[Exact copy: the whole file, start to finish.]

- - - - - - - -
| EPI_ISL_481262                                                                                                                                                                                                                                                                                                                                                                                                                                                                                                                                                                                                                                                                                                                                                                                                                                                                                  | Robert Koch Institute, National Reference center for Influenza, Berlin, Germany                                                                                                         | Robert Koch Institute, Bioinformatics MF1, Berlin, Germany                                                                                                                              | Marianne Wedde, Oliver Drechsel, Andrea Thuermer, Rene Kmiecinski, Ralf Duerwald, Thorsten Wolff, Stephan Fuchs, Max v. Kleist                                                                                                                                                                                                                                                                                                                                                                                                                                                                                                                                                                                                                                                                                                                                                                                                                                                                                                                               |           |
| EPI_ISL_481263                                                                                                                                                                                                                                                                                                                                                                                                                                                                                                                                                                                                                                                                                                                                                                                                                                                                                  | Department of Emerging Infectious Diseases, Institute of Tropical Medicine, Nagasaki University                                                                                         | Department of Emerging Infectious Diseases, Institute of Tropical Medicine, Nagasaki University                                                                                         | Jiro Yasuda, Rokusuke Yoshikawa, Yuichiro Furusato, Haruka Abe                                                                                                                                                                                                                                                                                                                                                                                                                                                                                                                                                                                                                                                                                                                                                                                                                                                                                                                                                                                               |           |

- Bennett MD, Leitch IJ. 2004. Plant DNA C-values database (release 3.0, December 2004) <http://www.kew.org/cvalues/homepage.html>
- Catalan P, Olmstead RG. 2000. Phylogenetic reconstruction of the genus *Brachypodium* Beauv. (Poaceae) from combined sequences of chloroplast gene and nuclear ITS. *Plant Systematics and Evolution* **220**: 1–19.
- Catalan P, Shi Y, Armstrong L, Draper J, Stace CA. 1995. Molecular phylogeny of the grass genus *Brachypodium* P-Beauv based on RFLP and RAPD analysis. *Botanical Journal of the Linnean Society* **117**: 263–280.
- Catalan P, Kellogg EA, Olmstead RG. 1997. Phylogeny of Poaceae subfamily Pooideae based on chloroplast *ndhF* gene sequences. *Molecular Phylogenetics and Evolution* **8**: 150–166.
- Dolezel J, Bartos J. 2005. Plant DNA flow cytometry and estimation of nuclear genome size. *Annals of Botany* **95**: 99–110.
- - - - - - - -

| EPI_ISL_481262                                                                                                                                                                                                                                                                                                                                                                                                                                                                                                                                                                                                                                                                                                                                                                                                                                                                                  | Robert Koch Institute, National Reference center for Influenza, Berlin, Germany                                                                                                         | Robert Koch Institute, Bioinformatics MF1, Berlin, Germany                                                                                                                              | Marianne Wedde, Oliver Drechsel, Andrea Thuermer, Rene Kmiecinski, Ralf Duerwald, Thorsten Wolff, Stephan Fuchs, Max v. Kleist                                                                                                                                                                                                                                                                                                                                                                                                                                                                                                                                                                                                                                                                                                                                                                                                                                                                                                                               |           |
| EPI_ISL_481263                                                                                                                                                                                                                                                                                                                                                                                                                                                                                                                                                                                                                                                                                                                                                                                                                                                                                  | Department of Emerging Infectious Diseases, Institute of Tropical Medicine, Nagasaki University                                                                                         | Department of Emerging Infectious Diseases, Institute of Tropical Medicine, Nagasaki University                                                                                         | Jiro Yasuda, Rokusuke Yoshikawa, Yuichiro Furusato, Haruka Abe                                                                                                                                                                                                                                                                                                                                                                                                                                                                                                                                                                                                                                                                                                                                                                                                                                                                                                                                                                                               |           |

- Bennett MD, Leitch IJ. 2004. Plant DNA C-values database (release 3.0, December 2004) <http://www.kew.org/cvalues/homepage.html>
- Catalan P, Olmstead RG. 2000. Phylogenetic reconstruction of the genus *Brachypodium* Beauv. (Poaceae) from combined sequences of chloroplast gene and nuclear ITS. *Plant Systematics and Evolution* **220**: 1–19.
- Catalan P, Shi Y, Armstrong L, Draper J, Stace CA. 1995. Molecular phylogeny of the grass genus *Brachypodium* P-Beauv based on RFLP and RAPD analysis. *Botanical Journal of the Linnean Society* **117**: 263–280.
- Catalan P, Kellogg EA, Olmstead RG. 1997. Phylogeny of Poaceae subfamily Pooideae based on chloroplast *ndhF* gene sequences. *Molecular Phylogenetics and Evolution* **8**: 150–166.
- Dolezel J, Bartos J. 2005. Plant DNA flow cytometry and estimation of nuclear genome size. *Annals of Botany* **95**: 99–110.